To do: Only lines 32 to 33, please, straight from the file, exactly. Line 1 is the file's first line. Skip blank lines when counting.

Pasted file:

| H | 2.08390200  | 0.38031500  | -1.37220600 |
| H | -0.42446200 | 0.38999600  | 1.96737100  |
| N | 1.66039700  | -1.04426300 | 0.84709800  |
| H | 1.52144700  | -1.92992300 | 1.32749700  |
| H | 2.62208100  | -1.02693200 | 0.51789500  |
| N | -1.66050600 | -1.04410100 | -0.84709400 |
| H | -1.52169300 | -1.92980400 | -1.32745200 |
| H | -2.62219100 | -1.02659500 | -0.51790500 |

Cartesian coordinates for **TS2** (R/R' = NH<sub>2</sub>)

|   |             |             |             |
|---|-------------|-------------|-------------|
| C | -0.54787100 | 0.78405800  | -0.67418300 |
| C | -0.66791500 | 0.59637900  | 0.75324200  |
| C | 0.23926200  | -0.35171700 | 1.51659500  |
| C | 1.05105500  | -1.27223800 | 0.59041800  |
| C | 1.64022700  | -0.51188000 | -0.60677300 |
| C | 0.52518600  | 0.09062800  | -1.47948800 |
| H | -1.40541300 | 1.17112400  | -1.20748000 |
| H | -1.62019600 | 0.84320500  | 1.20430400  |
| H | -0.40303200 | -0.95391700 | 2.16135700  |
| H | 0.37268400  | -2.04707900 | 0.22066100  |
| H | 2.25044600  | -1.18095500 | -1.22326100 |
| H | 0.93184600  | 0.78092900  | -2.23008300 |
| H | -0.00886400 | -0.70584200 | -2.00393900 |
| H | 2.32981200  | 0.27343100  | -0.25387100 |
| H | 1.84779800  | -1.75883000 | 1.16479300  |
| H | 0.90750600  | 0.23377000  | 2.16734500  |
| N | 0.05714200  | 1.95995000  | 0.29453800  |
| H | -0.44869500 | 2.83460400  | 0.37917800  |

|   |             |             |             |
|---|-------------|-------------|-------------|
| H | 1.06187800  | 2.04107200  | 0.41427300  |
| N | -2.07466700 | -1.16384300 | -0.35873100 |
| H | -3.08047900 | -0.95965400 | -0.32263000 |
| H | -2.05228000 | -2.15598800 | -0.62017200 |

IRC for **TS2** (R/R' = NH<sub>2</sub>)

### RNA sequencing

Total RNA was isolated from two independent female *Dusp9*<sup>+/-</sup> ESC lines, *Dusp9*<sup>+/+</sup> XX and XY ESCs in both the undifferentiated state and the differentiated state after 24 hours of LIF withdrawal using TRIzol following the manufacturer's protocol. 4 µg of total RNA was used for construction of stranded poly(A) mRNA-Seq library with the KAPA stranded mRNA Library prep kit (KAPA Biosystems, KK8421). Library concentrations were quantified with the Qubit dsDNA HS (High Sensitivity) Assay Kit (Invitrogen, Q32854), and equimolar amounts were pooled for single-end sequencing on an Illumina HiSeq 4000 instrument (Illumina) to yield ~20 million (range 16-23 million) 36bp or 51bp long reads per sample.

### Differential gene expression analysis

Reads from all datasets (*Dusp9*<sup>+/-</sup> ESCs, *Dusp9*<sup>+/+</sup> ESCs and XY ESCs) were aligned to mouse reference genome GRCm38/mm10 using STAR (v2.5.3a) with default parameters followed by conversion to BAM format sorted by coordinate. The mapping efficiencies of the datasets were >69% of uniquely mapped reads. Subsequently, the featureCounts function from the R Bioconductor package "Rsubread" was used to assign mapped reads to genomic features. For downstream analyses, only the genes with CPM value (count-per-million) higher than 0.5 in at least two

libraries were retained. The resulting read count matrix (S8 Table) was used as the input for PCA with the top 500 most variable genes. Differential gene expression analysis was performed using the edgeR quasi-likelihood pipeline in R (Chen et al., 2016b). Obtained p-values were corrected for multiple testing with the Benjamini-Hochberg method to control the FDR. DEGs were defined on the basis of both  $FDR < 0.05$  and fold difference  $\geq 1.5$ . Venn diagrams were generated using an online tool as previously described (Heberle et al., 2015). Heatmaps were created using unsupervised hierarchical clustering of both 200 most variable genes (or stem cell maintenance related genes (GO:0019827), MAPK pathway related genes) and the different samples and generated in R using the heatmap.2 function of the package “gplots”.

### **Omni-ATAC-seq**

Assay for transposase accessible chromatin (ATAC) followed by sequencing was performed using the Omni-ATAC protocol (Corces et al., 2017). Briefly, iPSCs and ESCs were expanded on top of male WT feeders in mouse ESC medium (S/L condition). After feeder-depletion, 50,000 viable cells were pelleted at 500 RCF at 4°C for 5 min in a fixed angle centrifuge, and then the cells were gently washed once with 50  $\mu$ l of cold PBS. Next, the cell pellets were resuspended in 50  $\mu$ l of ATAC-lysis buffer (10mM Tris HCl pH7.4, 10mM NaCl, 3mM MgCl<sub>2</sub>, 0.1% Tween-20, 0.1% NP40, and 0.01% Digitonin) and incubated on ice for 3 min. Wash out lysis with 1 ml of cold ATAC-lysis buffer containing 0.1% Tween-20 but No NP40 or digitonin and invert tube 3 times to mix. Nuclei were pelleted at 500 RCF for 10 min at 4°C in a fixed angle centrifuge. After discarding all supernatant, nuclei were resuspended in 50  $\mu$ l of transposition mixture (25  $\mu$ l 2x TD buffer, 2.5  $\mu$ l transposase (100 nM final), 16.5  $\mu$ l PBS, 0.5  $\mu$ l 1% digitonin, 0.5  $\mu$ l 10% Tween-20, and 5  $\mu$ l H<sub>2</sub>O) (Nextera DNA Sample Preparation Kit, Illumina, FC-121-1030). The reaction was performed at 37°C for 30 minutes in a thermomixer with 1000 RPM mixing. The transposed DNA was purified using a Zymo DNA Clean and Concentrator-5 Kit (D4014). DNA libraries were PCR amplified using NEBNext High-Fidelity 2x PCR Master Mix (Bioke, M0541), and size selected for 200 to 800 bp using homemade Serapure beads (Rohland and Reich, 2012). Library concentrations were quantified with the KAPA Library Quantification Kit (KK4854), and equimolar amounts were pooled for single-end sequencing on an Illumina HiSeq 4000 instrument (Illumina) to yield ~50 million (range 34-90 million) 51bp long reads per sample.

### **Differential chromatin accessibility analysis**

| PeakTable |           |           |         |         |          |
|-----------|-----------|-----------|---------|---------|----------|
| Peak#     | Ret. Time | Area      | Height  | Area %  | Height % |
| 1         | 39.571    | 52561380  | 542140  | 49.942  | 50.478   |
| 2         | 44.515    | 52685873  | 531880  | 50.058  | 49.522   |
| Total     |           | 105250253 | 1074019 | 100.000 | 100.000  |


| H | 1.06187800  | 2.04107200  | 0.41427300  |
| N | -2.07466700 | -1.16384300 | -0.35873100 |